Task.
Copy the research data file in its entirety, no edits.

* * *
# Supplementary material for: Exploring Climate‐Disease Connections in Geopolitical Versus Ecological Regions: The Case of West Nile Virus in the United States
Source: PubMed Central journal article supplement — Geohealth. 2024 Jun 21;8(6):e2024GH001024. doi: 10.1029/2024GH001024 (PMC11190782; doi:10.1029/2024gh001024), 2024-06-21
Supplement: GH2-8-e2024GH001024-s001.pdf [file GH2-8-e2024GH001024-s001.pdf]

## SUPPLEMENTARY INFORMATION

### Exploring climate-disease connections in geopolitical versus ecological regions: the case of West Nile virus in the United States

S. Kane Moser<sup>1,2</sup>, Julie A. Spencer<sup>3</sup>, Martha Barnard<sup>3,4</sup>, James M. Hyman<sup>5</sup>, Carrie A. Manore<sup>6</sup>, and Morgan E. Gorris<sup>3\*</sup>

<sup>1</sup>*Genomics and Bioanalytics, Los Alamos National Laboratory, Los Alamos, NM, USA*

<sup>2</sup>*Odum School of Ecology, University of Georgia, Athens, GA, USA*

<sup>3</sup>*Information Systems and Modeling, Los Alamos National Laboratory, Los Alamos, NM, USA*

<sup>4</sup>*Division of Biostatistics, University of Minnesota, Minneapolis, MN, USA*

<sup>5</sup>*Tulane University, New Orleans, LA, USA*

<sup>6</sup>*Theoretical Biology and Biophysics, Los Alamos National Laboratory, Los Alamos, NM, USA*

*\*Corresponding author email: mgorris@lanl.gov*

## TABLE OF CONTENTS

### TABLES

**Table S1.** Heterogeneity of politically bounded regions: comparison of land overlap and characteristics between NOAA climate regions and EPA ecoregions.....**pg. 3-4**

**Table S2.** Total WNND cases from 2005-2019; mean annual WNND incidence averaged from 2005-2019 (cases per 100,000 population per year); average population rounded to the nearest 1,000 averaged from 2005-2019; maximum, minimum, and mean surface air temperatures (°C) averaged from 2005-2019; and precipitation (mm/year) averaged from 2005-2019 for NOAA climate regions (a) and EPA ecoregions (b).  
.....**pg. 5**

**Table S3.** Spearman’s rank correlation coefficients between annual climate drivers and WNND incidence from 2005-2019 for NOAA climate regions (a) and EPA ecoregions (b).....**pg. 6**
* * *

# Supplementary material for: Exploring Climate‐Disease Connections in Geopolitical Versus Ecological Regions: The Case of West Nile Virus in the United States
Source: PubMed Central journal article supplement — Geohealth. 2024 Jun 21;8(6):e2024GH001024. doi: 10.1029/2024GH001024 (PMC11190782; doi:10.1029/2024gh001024), 2024-06-21
Supplement: GH2-8-e2024GH001024-s001.pdf [file GH2-8-e2024GH001024-s001.pdf]

## SUPPLEMENTARY INFORMATION

### Exploring climate-disease connections in geopolitical versus ecological regions: the case of West Nile virus in the United States

S. Kane Moser<sup>1,2</sup>, Julie A. Spencer<sup>3</sup>, Martha Barnard<sup>3,4</sup>, James M. Hyman<sup>5</sup>, Carrie A. Manore<sup>6</sup>, and Morgan E. Gorris<sup>3\*</sup>

<sup>1</sup>*Genomics and Bioanalytics, Los Alamos National Laboratory, Los Alamos, NM, USA*

<sup>2</sup>*Odum School of Ecology, University of Georgia, Athens, GA, USA*

<sup>3</sup>*Information Systems and Modeling, Los Alamos National Laboratory, Los Alamos, NM, USA*

<sup>4</sup>*Division of Biostatistics, University of Minnesota, Minneapolis, MN, USA*

<sup>5</sup>*Tulane University, New Orleans, LA, USA*

<sup>6</sup>*Theoretical Biology and Biophysics, Los Alamos National Laboratory, Los Alamos, NM, USA*

*\*Corresponding author email: mgorris@lanl.gov*

## TABLE OF CONTENTS

### TABLES

**Table S1.** Heterogeneity of politically bounded regions: comparison of land overlap and characteristics between NOAA climate regions and EPA ecoregions.....**pg. 3-4**

**Table S2.** Total WNND cases from 2005-2019; mean annual WNND incidence averaged from 2005-2019 (cases per 100,000 population per year); average population rounded to the nearest 1,000 averaged from 2005-2019; maximum, minimum, and mean surface air temperatures (°C) averaged from 2005-2019; and precipitation (mm/year) averaged from 2005-2019 for NOAA climate regions (a) and EPA ecoregions (b).  
.....**pg. 5**

**Table S3.** Spearman’s rank correlation coefficients between annual climate drivers and WNND incidence from 2005-2019 for NOAA climate regions (a) and EPA ecoregions (b).....**pg. 6**